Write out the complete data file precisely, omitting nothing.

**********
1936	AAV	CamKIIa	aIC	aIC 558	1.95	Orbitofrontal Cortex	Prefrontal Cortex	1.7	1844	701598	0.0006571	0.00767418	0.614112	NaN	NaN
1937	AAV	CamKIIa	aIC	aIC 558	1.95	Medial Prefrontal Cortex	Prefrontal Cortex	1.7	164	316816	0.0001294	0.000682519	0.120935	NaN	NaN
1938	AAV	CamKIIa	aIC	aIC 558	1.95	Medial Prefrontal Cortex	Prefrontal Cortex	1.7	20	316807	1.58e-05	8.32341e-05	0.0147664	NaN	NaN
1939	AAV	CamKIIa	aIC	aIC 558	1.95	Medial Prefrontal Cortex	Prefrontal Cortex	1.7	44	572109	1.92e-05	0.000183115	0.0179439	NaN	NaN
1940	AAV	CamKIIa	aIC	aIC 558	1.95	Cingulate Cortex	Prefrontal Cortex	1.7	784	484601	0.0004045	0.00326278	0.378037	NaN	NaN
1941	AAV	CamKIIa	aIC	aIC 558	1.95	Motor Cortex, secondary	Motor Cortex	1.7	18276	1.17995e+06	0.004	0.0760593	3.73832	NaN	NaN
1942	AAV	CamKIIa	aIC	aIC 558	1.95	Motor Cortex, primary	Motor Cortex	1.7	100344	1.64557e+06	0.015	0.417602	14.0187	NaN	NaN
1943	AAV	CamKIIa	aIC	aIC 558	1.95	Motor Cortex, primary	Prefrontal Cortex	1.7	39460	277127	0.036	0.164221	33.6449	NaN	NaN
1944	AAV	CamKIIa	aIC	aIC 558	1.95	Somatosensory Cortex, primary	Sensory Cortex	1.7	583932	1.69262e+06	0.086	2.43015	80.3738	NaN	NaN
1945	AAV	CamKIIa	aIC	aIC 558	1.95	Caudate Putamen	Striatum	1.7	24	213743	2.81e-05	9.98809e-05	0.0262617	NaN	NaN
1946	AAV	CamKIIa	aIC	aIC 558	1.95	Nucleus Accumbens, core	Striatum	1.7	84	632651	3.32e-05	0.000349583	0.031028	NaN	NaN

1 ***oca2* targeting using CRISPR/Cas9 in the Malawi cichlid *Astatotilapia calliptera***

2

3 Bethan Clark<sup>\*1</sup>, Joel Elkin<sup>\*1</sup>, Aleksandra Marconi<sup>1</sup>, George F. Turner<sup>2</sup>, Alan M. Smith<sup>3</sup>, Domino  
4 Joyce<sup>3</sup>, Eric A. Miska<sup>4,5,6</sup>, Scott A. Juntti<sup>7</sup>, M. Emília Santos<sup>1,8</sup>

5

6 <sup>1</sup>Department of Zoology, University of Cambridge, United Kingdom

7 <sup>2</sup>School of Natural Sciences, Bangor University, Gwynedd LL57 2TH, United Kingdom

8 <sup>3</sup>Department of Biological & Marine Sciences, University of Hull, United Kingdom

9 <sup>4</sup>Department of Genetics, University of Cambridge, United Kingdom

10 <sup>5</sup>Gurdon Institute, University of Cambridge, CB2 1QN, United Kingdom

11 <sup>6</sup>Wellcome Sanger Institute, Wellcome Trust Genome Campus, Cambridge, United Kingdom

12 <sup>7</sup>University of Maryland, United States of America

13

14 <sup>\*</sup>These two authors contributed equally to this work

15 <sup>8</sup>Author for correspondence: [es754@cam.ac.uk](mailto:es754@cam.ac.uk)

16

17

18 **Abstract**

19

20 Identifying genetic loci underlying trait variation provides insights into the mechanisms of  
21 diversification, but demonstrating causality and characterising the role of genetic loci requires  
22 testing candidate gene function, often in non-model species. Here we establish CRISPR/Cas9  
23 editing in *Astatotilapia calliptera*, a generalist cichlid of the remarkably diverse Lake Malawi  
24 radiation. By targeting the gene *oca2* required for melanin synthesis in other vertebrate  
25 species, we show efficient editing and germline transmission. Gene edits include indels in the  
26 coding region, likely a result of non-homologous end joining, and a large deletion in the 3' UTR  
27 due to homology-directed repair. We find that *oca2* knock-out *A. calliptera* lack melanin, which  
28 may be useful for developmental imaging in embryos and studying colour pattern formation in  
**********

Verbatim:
1936	AAV	CamKIIa	aIC	aIC 558	1.95	Orbitofrontal Cortex	Prefrontal Cortex	1.7	1844	701598	0.0006571	0.00767418	0.614112	NaN	NaN
1937	AAV	CamKIIa	aIC	aIC 558	1.95	Medial Prefrontal Cortex	Prefrontal Cortex	1.7	164	316816	0.0001294	0.000682519	0.120935	NaN	NaN
1938	AAV	CamKIIa	aIC	aIC 558	1.95	Medial Prefrontal Cortex	Prefrontal Cortex	1.7	20	316807	1.58e-05	8.32341e-05	0.0147664	NaN	NaN
1939	AAV	CamKIIa	aIC	aIC 558	1.95	Medial Prefrontal Cortex	Prefrontal Cortex	1.7	44	572109	1.92e-05	0.000183115	0.0179439	NaN	NaN
1940	AAV	CamKIIa	aIC	aIC 558	1.95	Cingulate Cortex	Prefrontal Cortex	1.7	784	484601	0.0004045	0.00326278	0.378037	NaN	NaN
1941	AAV	CamKIIa	aIC	aIC 558	1.95	Motor Cortex, secondary	Motor Cortex	1.7	18276	1.17995e+06	0.004	0.0760593	3.73832	NaN	NaN
1942	AAV	CamKIIa	aIC	aIC 558	1.95	Motor Cortex, primary	Motor Cortex	1.7	100344	1.64557e+06	0.015	0.417602	14.0187	NaN	NaN
1943	AAV	CamKIIa	aIC	aIC 558	1.95	Motor Cortex, primary	Prefrontal Cortex	1.7	39460	277127	0.036	0.164221	33.6449	NaN	NaN
1944	AAV	CamKIIa	aIC	aIC 558	1.95	Somatosensory Cortex, primary	Sensory Cortex	1.7	583932	1.69262e+06	0.086	2.43015	80.3738	NaN	NaN
1945	AAV	CamKIIa	aIC	aIC 558	1.95	Caudate Putamen	Striatum	1.7	24	213743	2.81e-05	9.98809e-05	0.0262617	NaN	NaN
1946	AAV	CamKIIa	aIC	aIC 558	1.95	Nucleus Accumbens, core	Striatum	1.7	84	632651	3.32e-05	0.000349583	0.031028	NaN	NaN

1 ***oca2* targeting using CRISPR/Cas9 in the Malawi cichlid *Astatotilapia calliptera***

2

3 Bethan Clark<sup>\*1</sup>, Joel Elkin<sup>\*1</sup>, Aleksandra Marconi<sup>1</sup>, George F. Turner<sup>2</sup>, Alan M. Smith<sup>3</sup>, Domino  
4 Joyce<sup>3</sup>, Eric A. Miska<sup>4,5,6</sup>, Scott A. Juntti<sup>7</sup>, M. Emília Santos<sup>1,8</sup>

5

6 <sup>1</sup>Department of Zoology, University of Cambridge, United Kingdom

7 <sup>2</sup>School of Natural Sciences, Bangor University, Gwynedd LL57 2TH, United Kingdom

8 <sup>3</sup>Department of Biological & Marine Sciences, University of Hull, United Kingdom

9 <sup>4</sup>Department of Genetics, University of Cambridge, United Kingdom

10 <sup>5</sup>Gurdon Institute, University of Cambridge, CB2 1QN, United Kingdom

11 <sup>6</sup>Wellcome Sanger Institute, Wellcome Trust Genome Campus, Cambridge, United Kingdom

12 <sup>7</sup>University of Maryland, United States of America

13

14 <sup>\*</sup>These two authors contributed equally to this work

15 <sup>8</sup>Author for correspondence: [es754@cam.ac.uk](mailto:es754@cam.ac.uk)

16

17

18 **Abstract**

19

20 Identifying genetic loci underlying trait variation provides insights into the mechanisms of  
21 diversification, but demonstrating causality and characterising the role of genetic loci requires  
22 testing candidate gene function, often in non-model species. Here we establish CRISPR/Cas9  
23 editing in *Astatotilapia calliptera*, a generalist cichlid of the remarkably diverse Lake Malawi  
24 radiation. By targeting the gene *oca2* required for melanin synthesis in other vertebrate  
25 species, we show efficient editing and germline transmission. Gene edits include indels in the  
26 coding region, likely a result of non-homologous end joining, and a large deletion in the 3' UTR  
27 due to homology-directed repair. We find that *oca2* knock-out *A. calliptera* lack melanin, which  
28 may be useful for developmental imaging in embryos and studying colour pattern formation in  